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Three Reasons to Embrace (Some) Worksheets

Posted by on in Inquiry-Based Learning
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As I began my student teaching about ten years ago, I attended the first-day-back faculty meeting, during which the building principal chastised teachers, “Don’t use worksheets! They’re not best practice!”

Thinking about what she said, the same two questions come to mind now as they did back then: What should teachers be using instead? Can all worksheets really be that bad?...Let’s focus on answering the second question (which will then naturally help to partially answer the first).

So, here are three reasons to embrace (some) worksheets, reasons that are based on my work as a teacher.

1. Worksheets Can Promote Higher-Order Thinking

You would be hard-pressed to find an educator who doesn’t believe students should regularly engage in inquiry-based learning and thinking routines. However, running a classroom in which these approaches are frequently implemented is easier said than done.

For example, as a classroom teacher, a few of the “inquiry-based books” I heavily relied upon were Strategies That Work for close reading, Making Thinking Visible for higher-order thinking routines, and Teaching Student-Centered Mathematics for inquiry-based math. Now, while all of these books detail valuable activities, often times a single activity is described across several pages, and it wouldn’t have been realistic to read through a bunch of pages every time I wanted to use one of them. Therefore, I made it a habit of transforming activities into worksheets. These worksheets were then readily accessible, and they could always be modified based on the students I had in front of me.

2. Worksheets Can Be a Source of Reference

We want students to understand (not just memorize) what they learn and be able to apply content to unique contexts and situations (transfer). Thus, facts shouldn’t be taught in isolation, and students should be exposed to the why behind why they’re learning what they’re learning.

For example, while a traditional basal reading series generally calls for grammar to be taught in isolation, a great deal of research indicates this approach is the wrong way to teach grammar and that it should be taught through reading and writing. Nonetheless, even if context is the way in which students learn common and proper nouns, they can still benefit from having a “Common and Proper Nouns 101 worksheet” to refer back to when needed. This idea of worksheets as a reference can be applied to any concept. If we want our students to eventually become independent learners, there is nothing wrong with giving them helpful resources they can access independently at later points in time (and maybe, gradually move away from this practice as students get older).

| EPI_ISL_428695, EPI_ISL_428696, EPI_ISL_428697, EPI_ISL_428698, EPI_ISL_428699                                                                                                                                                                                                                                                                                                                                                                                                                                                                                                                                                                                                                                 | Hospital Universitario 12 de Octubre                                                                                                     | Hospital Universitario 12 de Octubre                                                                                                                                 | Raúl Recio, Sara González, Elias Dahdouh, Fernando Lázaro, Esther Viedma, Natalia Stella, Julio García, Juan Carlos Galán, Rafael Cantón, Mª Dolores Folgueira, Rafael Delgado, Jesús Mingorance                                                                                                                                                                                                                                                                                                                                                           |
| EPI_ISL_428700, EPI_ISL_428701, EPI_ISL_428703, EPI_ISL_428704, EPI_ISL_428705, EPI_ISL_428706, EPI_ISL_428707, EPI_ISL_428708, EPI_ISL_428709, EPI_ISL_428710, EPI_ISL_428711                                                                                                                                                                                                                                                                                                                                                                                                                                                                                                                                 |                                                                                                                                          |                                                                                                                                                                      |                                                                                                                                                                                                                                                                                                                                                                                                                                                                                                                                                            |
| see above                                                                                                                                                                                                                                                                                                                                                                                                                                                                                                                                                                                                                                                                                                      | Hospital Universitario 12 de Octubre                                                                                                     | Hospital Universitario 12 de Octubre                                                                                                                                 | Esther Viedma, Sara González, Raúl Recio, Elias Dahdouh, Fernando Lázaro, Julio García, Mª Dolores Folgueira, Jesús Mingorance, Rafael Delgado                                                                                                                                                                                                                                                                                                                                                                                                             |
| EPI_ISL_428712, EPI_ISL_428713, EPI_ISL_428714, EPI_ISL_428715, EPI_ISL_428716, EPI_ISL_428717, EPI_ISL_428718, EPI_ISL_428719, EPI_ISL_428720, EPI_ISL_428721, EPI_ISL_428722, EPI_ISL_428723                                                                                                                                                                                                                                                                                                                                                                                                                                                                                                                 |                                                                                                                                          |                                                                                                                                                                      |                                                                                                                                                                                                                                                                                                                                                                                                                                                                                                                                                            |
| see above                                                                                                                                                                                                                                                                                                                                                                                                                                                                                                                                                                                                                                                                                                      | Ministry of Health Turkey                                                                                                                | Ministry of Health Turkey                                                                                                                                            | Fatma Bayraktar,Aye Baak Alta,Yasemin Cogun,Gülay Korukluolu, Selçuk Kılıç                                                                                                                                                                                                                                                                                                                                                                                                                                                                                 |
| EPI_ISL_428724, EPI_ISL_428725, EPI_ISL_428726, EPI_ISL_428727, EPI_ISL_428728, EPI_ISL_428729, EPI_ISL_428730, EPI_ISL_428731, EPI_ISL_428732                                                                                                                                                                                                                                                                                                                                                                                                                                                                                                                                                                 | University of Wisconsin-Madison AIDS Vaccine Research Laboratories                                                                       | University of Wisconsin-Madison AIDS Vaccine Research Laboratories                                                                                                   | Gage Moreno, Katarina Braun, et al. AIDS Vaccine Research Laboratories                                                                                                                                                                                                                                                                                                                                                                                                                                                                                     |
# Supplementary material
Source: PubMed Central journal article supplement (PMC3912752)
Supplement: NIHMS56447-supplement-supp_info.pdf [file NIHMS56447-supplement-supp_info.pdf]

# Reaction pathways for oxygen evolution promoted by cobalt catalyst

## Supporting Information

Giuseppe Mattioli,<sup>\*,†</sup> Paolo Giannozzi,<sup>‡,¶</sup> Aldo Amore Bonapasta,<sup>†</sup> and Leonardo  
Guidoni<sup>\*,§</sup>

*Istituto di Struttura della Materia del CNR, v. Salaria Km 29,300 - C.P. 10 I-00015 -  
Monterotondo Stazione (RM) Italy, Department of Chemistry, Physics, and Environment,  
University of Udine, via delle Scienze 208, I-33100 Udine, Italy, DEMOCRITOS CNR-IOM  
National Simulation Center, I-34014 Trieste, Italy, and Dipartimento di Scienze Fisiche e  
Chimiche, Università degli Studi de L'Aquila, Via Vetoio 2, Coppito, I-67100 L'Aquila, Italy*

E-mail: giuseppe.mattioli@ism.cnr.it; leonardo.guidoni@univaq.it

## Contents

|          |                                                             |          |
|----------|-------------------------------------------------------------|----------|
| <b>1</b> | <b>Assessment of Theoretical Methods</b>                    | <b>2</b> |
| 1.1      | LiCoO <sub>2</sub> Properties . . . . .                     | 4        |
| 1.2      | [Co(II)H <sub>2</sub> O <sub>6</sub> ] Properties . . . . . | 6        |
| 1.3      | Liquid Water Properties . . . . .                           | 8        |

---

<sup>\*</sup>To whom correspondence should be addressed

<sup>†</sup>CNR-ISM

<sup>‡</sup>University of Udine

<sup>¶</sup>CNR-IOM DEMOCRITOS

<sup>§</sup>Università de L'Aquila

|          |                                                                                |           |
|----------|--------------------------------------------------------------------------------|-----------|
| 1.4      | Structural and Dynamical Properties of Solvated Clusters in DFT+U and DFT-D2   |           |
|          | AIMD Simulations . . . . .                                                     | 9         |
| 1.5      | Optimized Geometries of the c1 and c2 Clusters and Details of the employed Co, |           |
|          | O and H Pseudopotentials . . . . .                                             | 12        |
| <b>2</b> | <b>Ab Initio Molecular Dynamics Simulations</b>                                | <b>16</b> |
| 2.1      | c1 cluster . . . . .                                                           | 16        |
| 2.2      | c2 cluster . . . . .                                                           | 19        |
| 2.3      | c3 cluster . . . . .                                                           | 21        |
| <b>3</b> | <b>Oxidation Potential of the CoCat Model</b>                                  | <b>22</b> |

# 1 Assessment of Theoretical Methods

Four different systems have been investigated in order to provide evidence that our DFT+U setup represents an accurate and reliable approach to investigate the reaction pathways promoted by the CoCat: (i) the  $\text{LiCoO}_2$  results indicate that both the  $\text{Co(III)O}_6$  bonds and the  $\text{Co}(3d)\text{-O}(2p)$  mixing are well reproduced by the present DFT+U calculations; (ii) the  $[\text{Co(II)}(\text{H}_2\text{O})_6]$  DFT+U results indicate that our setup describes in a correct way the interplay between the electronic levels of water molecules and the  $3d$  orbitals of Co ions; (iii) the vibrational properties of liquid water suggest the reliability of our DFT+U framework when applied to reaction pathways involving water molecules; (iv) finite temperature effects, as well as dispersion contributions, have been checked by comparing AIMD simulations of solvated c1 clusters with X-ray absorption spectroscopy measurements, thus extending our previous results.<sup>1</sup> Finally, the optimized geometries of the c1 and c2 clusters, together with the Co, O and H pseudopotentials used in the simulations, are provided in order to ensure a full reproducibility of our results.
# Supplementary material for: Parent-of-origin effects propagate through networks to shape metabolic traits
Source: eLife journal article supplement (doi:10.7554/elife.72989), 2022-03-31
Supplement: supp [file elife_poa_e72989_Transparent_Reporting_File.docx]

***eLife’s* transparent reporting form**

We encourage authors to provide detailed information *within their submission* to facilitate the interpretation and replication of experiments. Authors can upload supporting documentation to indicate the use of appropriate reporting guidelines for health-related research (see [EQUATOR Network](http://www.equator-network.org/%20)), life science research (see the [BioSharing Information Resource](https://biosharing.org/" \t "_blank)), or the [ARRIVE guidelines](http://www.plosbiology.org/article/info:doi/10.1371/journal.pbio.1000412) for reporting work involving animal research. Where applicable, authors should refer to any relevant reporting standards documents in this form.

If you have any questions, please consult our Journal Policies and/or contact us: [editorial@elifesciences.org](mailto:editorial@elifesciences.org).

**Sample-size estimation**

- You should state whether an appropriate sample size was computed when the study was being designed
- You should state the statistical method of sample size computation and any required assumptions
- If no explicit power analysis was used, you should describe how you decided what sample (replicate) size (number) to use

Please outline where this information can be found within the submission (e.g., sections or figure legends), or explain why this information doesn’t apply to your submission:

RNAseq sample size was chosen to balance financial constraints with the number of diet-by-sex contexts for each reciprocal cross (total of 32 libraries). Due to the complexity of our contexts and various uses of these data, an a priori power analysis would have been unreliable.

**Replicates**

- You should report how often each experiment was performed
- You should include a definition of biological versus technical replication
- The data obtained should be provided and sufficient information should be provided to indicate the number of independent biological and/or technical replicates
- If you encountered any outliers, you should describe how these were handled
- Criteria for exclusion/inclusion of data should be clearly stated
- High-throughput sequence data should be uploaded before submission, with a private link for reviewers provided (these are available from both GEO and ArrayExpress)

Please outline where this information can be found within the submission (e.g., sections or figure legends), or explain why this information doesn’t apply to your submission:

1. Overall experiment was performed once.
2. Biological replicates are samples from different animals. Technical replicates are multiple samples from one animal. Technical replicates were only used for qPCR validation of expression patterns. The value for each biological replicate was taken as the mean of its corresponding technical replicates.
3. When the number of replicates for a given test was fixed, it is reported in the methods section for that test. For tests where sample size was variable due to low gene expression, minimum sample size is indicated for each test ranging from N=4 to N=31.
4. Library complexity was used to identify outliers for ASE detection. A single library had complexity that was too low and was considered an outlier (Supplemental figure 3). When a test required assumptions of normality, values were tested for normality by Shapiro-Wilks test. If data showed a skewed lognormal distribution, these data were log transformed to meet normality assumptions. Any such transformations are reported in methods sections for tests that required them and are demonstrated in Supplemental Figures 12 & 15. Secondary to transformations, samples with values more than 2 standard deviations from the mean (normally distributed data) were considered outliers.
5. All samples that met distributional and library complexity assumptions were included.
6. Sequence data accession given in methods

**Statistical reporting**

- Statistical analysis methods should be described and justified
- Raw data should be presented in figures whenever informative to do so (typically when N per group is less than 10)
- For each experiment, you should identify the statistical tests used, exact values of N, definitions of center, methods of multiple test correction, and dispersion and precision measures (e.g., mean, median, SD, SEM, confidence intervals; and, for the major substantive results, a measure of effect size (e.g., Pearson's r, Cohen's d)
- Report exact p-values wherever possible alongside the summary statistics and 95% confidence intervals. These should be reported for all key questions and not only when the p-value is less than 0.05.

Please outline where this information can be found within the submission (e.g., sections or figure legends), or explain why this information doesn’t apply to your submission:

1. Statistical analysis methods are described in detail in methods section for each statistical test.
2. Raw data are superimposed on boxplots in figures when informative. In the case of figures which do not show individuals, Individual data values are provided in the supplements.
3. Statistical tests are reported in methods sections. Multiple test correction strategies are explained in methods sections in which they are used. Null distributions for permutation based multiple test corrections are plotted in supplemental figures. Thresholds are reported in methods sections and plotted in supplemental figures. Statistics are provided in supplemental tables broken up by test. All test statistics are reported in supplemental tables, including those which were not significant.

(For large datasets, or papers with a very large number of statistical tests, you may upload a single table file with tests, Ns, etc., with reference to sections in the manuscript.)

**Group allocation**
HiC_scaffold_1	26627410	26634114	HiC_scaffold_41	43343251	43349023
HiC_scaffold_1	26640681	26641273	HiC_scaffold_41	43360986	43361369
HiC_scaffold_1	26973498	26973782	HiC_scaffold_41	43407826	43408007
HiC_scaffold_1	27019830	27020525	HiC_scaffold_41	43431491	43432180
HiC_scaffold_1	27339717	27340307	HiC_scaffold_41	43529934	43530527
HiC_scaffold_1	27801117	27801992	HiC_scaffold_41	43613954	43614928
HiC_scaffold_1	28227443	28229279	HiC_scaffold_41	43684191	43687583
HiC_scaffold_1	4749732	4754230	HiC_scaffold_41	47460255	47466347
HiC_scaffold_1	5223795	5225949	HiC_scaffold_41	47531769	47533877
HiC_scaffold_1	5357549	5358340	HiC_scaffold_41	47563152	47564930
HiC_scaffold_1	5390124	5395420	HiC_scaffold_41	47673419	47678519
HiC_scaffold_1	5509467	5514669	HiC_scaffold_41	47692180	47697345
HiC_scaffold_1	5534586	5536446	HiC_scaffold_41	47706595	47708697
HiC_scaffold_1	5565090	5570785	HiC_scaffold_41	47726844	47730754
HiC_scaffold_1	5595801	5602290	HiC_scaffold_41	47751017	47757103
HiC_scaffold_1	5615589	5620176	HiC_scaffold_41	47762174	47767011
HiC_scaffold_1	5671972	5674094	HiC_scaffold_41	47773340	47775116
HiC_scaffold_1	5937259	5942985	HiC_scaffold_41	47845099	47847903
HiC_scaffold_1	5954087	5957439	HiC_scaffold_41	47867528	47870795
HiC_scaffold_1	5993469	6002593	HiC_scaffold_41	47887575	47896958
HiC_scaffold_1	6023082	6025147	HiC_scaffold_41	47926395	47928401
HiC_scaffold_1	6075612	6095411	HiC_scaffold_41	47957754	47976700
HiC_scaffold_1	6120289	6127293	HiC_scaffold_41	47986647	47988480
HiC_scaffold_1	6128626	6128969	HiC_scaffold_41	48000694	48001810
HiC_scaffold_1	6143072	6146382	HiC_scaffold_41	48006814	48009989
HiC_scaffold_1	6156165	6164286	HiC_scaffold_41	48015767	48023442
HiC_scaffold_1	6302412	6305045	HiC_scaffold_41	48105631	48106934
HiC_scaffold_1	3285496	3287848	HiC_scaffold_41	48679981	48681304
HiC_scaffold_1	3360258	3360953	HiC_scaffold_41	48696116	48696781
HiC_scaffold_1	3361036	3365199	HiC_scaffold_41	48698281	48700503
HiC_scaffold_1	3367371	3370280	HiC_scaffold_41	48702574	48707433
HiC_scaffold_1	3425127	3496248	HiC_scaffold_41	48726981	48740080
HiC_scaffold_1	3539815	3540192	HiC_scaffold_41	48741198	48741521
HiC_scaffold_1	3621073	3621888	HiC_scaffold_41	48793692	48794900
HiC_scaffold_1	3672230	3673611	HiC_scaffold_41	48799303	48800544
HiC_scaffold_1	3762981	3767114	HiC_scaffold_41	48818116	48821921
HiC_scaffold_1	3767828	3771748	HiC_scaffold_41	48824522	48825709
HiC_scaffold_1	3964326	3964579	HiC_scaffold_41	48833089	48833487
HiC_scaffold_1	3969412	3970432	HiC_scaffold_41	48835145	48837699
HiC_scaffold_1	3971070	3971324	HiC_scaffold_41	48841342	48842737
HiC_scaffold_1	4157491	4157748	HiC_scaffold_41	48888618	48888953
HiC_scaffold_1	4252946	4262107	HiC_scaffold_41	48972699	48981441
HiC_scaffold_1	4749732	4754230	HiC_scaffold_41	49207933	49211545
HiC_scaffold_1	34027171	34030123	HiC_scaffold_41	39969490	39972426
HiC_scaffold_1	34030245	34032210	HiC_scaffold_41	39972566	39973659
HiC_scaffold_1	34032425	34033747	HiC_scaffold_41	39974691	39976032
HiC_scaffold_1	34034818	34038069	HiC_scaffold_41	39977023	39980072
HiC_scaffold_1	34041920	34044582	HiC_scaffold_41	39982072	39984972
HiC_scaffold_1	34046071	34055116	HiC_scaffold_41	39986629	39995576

3. Worksheets Offer Fact Drilling (When Appropriate)

If students are to understand a certain concept (such as number sense), it would be unreasonable to think they’ll develop this understanding through “drill and kill” worksheet practice (such as math facts) without first being exposed to some form of deeper learning. After all, just because a student has memorized “3 + 2 = 5” doesn’t necessarily mean she understands addition.

John Van de Walle details three instances in which drill and practice is appropriate: the desired concepts have been meaningfully developed; students have already developed (not mastered) flexible and useful procedures; and speed and accuracy are (eventually) needed. These first two points are noteworthy because they indicate when a worksheet is assigned (which can vary from student to student) can make or break a learning experience! As a teacher, I didn’t have a problem with my students engaging in fact drilling, as long as they were able to demonstrate their fluency in what they were practicing (as opposed to rote memorization, which doesn’t necessarily necessitate an understanding).

In the End

While I understand it’s easy to be anti-worksheets (and anti-textbooks, and anti-homework, etc.), the fact is they are not going away anytime soon, and countless teachers rely on them at least to some extent. However…If we treat worksheets as a tool or resource (much like technology), we can think critically about how they are used, as opposed to simply following a publisher’s script.

And, if we want to get rid of worksheets completely, let’s be prepared to discuss what practices and materials will take their place.

What are your thoughts on worksheets? Can they be used effectively?

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I am the coauthor of Hacking Project Based Learning, and the Supervisor of Instructional Practice K-12 in the Salisbury Township School District (1:1 MacBook/iPad) in Allentown, Pennsylvania. I am an Apple Distinguished Educator and a Google Certified Innovator. My passions are inquiry-based learning and quality professional development. I blog about these topics at rosscoops31.com. I regularly speak, present, and conduct workshops related to my writings and professional experiences.

When I am not working, I enjoy eating steak and pizza, exercising, reading books, playing on my computer, and provoking my three beautiful nephews. Please feel free to connect via email, [email protected], and Twitter, @RossCoops31.

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Guest Monday, 22 July 2019